Key styles: A cotton pullover sweater with a side zip and collar; legging and sports bra sets in navy snake print and light pink and a purple leopard print.
Retail prices: Retail prices range from $68 to $108.
Backstory: Around since 2013, Frnch (pronounced “French”) is offering some stylish pieces with a retro Parisian flair that doesn’t cross over into dated or costume-y territory. Founders and married couple Franck Lin and Chloe Lin (the brand’s name is actually a combination of their first names) describe the Paris-based brand as being for “young working women” and as a blend of feminine and masculine looks. “Frnch is a collection of clean lines, refined fabrics and sophisticated details developed with a touch of vintage in a variety of timeless and affordable pieces,” according to a company representative.
Key styles: Knit sweaters in various muted shades; a blood red corduroy jumpsuit; a winter white faux-shearling jacket.
Retail prices: Retail prices range from $69 to $109.
Brand: Devan Gregori
Designer: Devan Gregori
Backstory: Brand founder and designer Gregori found inspiration for her first collection in her native San Francisco and also the Lyon region of France, where she studied design at the École de Condé. Her collection of 26 pieces aims to elevate casual design and hit on the interaction of “form and functionality,” as she put it. The line also makes use of more sustainable and low-impact fabrics and methods including a viscose-linen blend and a Tencel/cotton blend and a jacquard piece that was woven in Lyon at a longtime family-owned mill. Gregori was also inspired to do some tone-on-tone embroidery by the Japanese tradition of kintsugi, the art of ceramic repair using gold fill as a means to embellish a fracture. “I wanted to allude to this beautiful metaphor in my clothing by using this fractured line embroidery in a subtle way,” she said.
Key styles: A sienna orange shift dress with volume sleeves; a short-sleeve button-down blouse with embroidery across the back; a midi-length skirt with a pleated waist and embroidery across the bottom.
Retail prices: Retail prices start at $95 and go to $560.
Backstory: Owned by Very J, another brand and apparel manufacturer, Mo:Vint’s aesthetic is centered on updated vintage styles, as the name suggests. The brand describes its ethos as “inspired by the effortless chic Parisian, the simple and well-dressed New Yorker, and the casually stylish Californian.” The offering is a mix of casual separates and dresses, a few jumpsuits and on-trend jackets, including blazers and puffer styles.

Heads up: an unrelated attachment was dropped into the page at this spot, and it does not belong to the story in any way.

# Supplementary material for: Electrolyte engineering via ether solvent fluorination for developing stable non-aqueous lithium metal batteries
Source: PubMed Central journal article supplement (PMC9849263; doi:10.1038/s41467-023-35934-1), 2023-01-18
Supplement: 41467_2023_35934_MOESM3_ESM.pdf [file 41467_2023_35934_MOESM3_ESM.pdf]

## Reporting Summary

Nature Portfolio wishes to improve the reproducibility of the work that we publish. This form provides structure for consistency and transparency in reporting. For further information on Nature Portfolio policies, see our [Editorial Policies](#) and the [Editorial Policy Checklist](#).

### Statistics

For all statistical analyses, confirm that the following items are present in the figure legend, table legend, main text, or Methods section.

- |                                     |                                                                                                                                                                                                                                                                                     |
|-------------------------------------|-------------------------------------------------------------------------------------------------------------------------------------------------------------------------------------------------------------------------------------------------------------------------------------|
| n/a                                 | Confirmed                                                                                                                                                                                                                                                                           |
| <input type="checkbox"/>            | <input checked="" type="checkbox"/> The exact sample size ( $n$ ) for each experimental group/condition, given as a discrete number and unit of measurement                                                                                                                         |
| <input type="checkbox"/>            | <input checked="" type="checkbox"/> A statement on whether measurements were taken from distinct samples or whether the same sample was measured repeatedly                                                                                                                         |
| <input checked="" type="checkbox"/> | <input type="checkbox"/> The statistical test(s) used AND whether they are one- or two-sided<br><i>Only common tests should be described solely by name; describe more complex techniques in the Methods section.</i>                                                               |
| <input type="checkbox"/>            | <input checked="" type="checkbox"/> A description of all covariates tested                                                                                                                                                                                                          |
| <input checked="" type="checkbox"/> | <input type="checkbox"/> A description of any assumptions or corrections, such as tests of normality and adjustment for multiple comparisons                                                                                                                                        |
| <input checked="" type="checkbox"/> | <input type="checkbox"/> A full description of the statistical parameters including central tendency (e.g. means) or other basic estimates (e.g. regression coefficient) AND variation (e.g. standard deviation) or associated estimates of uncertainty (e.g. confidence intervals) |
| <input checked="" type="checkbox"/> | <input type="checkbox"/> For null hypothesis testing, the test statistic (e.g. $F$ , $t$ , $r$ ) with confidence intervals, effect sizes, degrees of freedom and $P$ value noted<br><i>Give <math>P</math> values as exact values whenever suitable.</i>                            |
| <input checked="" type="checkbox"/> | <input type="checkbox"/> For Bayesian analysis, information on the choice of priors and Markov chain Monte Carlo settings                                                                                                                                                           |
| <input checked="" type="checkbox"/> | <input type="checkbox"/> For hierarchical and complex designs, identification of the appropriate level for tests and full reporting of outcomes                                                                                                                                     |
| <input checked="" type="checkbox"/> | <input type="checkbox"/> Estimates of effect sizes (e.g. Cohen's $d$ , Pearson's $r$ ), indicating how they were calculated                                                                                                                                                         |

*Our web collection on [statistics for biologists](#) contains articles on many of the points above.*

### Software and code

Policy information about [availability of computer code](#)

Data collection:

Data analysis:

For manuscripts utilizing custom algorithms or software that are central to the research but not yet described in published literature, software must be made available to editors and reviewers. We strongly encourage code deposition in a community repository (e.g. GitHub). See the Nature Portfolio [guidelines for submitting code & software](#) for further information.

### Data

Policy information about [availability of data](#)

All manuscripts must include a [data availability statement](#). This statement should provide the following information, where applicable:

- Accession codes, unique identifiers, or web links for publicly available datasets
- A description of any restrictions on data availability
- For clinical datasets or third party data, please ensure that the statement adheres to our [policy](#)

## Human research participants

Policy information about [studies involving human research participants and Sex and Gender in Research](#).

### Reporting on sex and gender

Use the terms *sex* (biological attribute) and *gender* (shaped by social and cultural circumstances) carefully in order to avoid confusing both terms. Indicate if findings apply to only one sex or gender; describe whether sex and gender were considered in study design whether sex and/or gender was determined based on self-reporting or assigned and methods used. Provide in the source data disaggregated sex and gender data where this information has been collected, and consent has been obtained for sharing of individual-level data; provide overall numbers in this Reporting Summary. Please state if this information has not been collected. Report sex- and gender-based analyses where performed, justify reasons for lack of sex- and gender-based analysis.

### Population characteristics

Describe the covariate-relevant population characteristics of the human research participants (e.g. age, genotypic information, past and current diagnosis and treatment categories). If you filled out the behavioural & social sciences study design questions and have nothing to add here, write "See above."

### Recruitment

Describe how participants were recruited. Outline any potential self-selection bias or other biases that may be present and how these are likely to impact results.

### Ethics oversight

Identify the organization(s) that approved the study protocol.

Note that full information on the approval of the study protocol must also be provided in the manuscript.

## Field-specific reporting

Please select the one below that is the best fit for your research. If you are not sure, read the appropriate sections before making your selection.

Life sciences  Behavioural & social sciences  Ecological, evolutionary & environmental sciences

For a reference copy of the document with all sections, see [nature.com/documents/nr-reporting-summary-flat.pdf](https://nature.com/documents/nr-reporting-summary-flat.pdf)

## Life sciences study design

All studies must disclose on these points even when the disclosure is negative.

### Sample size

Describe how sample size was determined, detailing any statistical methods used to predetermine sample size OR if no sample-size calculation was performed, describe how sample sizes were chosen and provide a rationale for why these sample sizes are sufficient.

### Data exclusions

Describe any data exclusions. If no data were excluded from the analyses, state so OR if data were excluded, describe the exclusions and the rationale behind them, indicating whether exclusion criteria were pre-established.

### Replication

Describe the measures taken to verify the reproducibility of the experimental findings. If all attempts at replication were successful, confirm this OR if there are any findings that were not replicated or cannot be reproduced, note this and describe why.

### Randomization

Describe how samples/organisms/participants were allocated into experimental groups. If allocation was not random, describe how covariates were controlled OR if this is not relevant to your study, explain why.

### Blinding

Key styles: Midi-length shirt-dresses in off-white and moss green; an oversize knit skirt set; a collared denim jumpsuit.
Retail prices: Retail prices start at $50 and go up to $350.
Designer: Mimo Dimarco
Backstory: Fradi Sportswear was born in 1995 in Puglia, Italy, at the hands of brothers Mimo and Francesco Dimarco, who both wanted to create a full concept line. Francesco serves as chief operating officer, while Mimo focuses on the creative end, offering pieces designed as outfits and capsule collections. The collection is produced entirely in Italy and is distributed throughout Europe.
Key styles: Mimo Dimarco explored layering in this collection with light, shirt-weight suit jackets with removable under layers, and wool flannel and corduroy vests with goose down insulation. Travel is also a big component for the collection as exhibited in the new Explosive fabric, a poly-nylon blended stretch fabric that gets its name from the amount of retention it has and how it moves with the body and holds its shape. Finally, knitwear pieces are hand-brushed in different gauges and in fabrics such as pure merino and cashmere for artisanal touches.
Retail prices: Jersey knitwear sits at the lower end of the price range at $195, while outerwear reaches up to $1,000. Neoprene wool-bonded modern parkas range from $695 to $795.
Brand: Mister Bandana
Designers: Roko Sinovcic, Josh Stoneman
Backstory: Mister Bandana founders Sinovcic and Stoneman realized that they had as many as 200 bandanas a few years ago, and were inspired to launch the label to create “something fresh and have fun with it,” said Sinovcic. The duo debuted the brand in New York City in late 2018, producing 22-x-22-inch bandanas from American cotton sourced in the Carolinas. “You can beat them up or clean something up,” said Sinovcic. He also shared a fun graphic showing the different ways one could wear a bandana including “The Hulk Hogan,” which is wrapping one’s crown in the bandana, or “The Bandit,” where one ties the bandana over their nose and mouth and lets it hang, and “The Cowboy” that ties around the neck. Jacksonville Jaguars quarterback Gardner Minshew was photographed in a press conference in Mister Bandana, styling the piece like “The Ninja,” tying the product around his forehead.
Key styles: Signature prints include tropical patterns such as pineapple monstera leaves, and an elaborate artwork of a man in the jungle fighting a lion. There are also fleece bandanas, which the brand launched in the fall. Also for this season, Mister Bandana introduced prints inspired by the Southwestern outdoors, including camouflage and prints of deer, stags and ducks in the wilderness.
Retail prices: Pieces wholesale for $11 for single colors and $20 for prints, and styles on the brand web site sell for $45.